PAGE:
A DUDLEY taxi firm boss is among unsung heroes from the Black Country recognised in the Queen's Birthday Honours for his heavyweight achievements in the sport of stone lifting.

Shahzada Saleem, known as King Shazad, was awarded a British Empire Medal (BEM) for his services to the traditional Asian sport.

Mr Saleem from Kingswinford has been hailed the greatest athlete ever seen in the sport which sees competitors lifting a massive stone block.

The 50-year-old grandfather, who runs Sedgley based Beacon Taxis and Express Taxis in Halesowen, said of the award: "This really is a honour, never in my dreams did I think I would ever be recognised in such way."

Following his retirement from the sport - King Shazad set up the Shazad Academy in Dudley to pass on his skills to the next generation and help keep youngsters off the streets, and the venture now has bases in Birmingham and Manchester as well.

Mr Saleem said: "I worked hard to be the best but then it became about trying to do something for everyone, especially our youngsters.

"I feel blessed and I will continue to do the work I do as my love for the sport will never die. I want to dedicate this honour to all those who believed in me and supported me."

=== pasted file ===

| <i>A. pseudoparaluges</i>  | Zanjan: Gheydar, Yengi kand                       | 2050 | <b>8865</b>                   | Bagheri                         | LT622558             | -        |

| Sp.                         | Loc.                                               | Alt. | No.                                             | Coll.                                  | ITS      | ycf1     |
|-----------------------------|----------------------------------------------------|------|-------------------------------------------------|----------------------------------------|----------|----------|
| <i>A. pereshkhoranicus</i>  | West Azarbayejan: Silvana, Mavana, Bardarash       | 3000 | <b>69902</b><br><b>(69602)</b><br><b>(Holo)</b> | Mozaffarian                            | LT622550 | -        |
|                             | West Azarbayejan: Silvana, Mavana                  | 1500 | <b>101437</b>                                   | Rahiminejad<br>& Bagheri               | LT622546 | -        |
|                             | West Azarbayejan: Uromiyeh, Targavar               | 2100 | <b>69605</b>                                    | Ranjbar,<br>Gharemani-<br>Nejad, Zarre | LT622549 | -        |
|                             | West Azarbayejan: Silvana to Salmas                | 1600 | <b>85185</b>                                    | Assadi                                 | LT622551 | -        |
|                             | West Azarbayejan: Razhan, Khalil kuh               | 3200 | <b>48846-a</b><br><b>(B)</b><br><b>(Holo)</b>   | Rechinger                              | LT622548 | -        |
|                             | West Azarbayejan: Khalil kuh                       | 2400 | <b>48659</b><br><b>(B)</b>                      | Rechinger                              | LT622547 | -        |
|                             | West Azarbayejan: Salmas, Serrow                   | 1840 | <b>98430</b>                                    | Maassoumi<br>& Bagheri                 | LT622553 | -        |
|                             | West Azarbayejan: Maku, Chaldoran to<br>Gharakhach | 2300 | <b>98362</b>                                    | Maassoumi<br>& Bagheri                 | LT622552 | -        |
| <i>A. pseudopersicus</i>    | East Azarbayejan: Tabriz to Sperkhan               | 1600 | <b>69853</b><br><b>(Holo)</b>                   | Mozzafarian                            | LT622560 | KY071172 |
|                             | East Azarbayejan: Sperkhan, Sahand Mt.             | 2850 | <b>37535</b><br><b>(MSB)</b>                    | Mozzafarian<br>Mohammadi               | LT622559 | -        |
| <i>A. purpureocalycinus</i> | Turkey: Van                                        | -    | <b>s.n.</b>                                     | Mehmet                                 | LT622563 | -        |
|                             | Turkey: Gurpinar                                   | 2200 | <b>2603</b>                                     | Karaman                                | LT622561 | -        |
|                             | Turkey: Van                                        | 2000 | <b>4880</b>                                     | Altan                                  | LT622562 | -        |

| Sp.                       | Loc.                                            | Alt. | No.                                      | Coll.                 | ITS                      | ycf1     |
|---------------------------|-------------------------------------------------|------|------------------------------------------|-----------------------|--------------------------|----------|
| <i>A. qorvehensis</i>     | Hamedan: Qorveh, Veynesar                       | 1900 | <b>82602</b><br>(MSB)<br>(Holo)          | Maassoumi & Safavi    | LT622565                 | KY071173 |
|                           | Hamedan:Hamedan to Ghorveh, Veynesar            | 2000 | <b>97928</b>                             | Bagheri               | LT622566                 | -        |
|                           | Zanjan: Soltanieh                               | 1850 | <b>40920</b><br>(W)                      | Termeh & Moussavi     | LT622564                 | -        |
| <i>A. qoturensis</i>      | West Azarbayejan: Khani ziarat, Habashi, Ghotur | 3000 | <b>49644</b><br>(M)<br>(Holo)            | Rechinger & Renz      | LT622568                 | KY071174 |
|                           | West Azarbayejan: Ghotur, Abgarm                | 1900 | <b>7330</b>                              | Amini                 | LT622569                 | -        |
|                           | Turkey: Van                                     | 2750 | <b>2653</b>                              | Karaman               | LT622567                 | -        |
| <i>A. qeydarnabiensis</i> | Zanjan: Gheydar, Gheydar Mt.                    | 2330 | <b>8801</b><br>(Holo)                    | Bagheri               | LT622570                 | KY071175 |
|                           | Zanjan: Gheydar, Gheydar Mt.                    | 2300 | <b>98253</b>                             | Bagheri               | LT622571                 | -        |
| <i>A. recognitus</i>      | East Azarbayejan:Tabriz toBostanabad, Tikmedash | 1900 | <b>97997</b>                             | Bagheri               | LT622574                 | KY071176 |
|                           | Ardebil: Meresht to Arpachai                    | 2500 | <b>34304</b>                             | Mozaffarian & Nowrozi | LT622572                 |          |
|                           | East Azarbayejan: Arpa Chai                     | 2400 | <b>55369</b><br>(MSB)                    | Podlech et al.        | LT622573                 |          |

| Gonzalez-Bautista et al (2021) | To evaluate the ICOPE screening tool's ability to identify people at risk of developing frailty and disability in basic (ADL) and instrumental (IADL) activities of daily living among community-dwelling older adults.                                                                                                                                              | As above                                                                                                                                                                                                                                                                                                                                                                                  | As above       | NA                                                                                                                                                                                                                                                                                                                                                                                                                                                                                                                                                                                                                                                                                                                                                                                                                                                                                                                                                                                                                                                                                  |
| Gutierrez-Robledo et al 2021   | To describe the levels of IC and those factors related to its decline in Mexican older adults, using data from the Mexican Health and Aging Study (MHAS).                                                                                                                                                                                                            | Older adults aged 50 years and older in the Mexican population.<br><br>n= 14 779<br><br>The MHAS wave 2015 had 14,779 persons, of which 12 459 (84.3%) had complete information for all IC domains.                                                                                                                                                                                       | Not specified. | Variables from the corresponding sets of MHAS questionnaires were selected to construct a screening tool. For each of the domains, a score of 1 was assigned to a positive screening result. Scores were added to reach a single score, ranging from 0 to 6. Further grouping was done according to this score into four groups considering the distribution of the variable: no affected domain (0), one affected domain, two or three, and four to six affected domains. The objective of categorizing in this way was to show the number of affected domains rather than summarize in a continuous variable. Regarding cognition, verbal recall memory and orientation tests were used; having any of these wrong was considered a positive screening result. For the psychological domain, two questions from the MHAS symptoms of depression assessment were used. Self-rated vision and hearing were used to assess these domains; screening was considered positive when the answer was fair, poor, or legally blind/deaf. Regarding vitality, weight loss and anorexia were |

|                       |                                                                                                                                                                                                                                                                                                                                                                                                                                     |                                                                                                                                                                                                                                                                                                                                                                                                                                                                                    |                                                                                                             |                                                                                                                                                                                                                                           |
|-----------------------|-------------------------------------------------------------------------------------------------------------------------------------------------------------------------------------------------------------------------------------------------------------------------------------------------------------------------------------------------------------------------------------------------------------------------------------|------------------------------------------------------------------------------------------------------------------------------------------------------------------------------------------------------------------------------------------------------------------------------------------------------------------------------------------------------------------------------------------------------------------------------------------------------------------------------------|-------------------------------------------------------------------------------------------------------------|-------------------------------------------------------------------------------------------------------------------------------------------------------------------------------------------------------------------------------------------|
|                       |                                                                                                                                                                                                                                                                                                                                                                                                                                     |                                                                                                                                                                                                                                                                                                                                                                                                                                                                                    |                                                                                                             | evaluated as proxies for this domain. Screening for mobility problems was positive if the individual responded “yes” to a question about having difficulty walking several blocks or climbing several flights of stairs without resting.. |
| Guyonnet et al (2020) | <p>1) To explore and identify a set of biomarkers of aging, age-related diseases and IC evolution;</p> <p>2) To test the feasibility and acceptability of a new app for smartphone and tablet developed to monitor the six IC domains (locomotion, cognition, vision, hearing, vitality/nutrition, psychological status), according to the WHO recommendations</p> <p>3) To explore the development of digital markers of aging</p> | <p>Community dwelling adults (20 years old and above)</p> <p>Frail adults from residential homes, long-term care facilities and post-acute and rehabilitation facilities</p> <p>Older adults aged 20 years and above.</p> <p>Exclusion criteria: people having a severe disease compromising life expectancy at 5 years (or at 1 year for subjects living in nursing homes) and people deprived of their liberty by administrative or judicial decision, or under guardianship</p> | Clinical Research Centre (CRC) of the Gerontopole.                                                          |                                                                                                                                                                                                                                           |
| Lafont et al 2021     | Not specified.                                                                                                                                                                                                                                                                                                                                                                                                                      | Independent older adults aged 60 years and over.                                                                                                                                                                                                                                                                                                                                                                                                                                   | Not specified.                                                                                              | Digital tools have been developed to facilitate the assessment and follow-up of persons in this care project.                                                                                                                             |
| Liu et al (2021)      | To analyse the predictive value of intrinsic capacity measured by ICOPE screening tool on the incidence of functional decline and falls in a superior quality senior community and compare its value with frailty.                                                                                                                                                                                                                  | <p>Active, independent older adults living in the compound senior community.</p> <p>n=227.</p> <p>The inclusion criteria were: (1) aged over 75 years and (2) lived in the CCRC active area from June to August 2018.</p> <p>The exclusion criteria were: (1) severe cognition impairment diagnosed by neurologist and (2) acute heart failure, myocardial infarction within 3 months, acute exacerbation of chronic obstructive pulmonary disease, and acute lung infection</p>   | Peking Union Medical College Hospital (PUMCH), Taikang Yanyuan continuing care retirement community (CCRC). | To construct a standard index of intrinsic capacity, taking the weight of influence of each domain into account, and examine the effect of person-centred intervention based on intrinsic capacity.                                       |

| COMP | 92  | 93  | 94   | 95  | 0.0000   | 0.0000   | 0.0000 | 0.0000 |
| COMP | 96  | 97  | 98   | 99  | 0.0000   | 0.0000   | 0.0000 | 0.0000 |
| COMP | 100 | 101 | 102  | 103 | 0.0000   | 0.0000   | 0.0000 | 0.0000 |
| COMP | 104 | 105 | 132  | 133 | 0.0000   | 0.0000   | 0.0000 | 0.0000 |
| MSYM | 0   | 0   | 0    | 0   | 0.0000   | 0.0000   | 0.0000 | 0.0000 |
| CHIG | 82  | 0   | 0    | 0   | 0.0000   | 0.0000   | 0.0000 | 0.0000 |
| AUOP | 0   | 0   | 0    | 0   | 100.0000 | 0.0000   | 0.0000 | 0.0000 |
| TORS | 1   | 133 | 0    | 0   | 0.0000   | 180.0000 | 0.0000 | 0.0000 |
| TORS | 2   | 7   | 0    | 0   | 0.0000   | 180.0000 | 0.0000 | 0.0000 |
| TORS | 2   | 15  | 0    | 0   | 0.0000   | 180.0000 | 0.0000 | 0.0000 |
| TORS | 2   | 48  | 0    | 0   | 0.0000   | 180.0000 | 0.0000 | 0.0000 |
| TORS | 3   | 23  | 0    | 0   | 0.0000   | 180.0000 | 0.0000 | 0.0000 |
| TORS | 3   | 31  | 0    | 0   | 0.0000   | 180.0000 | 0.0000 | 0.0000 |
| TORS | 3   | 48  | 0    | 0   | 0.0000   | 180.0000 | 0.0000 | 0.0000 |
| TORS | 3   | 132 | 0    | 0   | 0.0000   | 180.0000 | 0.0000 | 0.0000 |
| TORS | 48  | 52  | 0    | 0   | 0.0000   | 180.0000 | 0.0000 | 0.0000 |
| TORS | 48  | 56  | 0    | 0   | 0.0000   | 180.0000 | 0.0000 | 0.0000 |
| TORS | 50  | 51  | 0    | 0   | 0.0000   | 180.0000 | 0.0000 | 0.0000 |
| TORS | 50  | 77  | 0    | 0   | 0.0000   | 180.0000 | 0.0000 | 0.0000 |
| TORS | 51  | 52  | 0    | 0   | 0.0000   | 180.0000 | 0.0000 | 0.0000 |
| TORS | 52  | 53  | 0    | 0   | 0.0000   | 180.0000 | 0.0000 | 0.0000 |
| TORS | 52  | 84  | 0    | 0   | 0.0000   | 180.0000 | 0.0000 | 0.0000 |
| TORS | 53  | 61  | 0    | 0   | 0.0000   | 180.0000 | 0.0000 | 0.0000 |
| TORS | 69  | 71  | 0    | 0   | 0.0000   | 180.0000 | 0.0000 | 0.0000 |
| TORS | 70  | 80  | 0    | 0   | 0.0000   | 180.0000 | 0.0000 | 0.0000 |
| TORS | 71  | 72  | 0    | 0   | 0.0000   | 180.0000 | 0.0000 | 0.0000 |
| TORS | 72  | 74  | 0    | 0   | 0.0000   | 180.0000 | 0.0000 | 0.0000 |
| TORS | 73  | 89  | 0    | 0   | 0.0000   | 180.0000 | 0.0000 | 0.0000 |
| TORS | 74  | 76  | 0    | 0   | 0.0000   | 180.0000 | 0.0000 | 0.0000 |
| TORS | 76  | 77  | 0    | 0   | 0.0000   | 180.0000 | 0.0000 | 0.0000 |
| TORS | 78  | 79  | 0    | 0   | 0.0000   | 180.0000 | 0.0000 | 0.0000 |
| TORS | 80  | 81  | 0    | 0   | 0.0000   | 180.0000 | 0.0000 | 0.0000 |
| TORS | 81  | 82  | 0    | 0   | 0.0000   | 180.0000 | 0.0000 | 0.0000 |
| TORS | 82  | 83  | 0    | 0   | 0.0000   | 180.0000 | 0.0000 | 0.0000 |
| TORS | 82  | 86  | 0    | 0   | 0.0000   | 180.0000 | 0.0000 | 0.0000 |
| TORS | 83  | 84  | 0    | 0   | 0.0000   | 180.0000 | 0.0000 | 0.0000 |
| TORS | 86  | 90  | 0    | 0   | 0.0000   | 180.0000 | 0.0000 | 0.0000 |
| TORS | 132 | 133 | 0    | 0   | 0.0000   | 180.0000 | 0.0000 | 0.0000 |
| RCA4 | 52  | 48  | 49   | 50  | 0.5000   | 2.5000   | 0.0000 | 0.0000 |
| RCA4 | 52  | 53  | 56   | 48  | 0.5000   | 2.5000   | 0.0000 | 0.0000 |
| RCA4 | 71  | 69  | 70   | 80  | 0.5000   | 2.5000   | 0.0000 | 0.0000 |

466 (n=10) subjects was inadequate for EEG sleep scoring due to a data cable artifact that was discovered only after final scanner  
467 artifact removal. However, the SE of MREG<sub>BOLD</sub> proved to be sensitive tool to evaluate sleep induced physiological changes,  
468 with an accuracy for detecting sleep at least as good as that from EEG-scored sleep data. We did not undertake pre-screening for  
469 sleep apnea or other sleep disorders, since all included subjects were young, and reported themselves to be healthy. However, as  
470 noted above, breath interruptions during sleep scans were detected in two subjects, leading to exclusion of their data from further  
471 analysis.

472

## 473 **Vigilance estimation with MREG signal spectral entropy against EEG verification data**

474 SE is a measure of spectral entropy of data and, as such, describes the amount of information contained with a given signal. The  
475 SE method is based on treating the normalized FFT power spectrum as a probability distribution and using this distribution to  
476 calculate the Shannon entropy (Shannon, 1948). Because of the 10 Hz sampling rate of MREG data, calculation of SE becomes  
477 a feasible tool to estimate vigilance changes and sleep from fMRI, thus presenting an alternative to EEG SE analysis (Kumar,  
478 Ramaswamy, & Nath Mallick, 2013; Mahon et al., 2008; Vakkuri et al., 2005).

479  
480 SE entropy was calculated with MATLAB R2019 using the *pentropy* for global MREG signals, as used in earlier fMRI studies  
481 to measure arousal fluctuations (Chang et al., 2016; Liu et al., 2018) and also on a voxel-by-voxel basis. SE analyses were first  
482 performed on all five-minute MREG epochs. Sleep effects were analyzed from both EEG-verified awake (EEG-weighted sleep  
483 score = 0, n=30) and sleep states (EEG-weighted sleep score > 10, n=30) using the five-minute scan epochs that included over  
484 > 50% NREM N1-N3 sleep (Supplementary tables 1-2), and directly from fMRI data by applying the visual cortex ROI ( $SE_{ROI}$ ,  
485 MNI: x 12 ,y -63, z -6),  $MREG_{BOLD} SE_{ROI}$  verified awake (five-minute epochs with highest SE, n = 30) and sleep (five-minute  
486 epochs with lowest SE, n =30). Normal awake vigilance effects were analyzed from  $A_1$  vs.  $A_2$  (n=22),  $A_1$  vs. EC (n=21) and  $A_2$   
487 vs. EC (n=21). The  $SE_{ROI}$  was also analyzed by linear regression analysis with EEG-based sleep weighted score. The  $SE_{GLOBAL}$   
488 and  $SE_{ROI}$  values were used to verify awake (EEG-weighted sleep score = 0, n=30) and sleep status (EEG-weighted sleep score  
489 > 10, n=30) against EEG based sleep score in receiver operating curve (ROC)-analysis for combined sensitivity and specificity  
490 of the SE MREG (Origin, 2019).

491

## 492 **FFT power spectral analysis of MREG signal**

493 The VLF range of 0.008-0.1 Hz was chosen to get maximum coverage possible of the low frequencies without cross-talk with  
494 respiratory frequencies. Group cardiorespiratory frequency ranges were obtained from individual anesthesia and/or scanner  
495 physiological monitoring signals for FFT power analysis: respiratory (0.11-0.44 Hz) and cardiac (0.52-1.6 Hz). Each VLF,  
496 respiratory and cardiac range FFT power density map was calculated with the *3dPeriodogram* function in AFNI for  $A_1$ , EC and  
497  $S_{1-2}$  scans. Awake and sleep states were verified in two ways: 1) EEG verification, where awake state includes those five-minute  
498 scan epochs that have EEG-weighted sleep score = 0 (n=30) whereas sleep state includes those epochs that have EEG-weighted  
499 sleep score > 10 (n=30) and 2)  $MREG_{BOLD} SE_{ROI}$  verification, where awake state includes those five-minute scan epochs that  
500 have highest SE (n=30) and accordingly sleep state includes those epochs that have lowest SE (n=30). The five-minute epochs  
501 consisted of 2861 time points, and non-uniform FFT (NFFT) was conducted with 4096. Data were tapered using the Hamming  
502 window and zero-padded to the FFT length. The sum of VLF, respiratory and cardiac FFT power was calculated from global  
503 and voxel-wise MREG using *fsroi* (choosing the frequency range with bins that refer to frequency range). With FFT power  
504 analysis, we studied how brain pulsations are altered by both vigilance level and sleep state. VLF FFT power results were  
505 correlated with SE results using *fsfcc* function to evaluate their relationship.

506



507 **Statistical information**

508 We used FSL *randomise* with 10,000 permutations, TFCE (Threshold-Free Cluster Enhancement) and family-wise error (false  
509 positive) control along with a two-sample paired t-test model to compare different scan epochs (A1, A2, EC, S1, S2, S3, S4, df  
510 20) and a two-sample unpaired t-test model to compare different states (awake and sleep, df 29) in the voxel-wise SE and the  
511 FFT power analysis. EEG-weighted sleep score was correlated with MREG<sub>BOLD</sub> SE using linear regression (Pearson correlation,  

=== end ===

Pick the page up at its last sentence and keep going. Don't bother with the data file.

Mr Saleem became the youngest world stone lifting champion ever in 1985 aged just 18 - and during a decade-long reign he enjoyed repeated record-breaking success.

In 1995 he became the first person to lift 201kg - a record that remained unbroken for 13 years.

The following year 50,000 people watched his final appearance in Pakistan before he retired from the sport due to lack of competition.

Then after a 14-year break from competing, he made a comeback at age 45 and lifted a massive 210kg in front of 10,000 fans at the 2010 Manchester Mela - becoming the oldest world champion ever seen in the sport.

In recognition of his achievements - the borough's Dudley Mela event was renamed the Shazad Mela and in 2010 he was presented with a lifetime achievement trophy by the Mayor of Dudley and the following year he scooped the borough's Duncan Edwards Award for Sport.

In 2014 he was presented with an 'iconic stone lifter' award at the House of Lords, by Lord Nazir Ahmed, and later that year he was invited by the Prime Minister David Cameron to Downing Street. He also picked up an Asian Sports Personality of the Decade Award in Birmingham last year.

But his proud son Shaz Saleem said Royal recognition was the icing on the cake.

He told the News: "This is a huge honour for my father - and for the sport of stone lifting to be recognised in this way is unbelievable.

"As a kid I used to go watch my dad as he was lifting in competitions, I'm his number one fan.

"He worked extremely hard to look after his five kids - and at the same time he was competing and training. His hard work has paid off and this honour caps his legacy."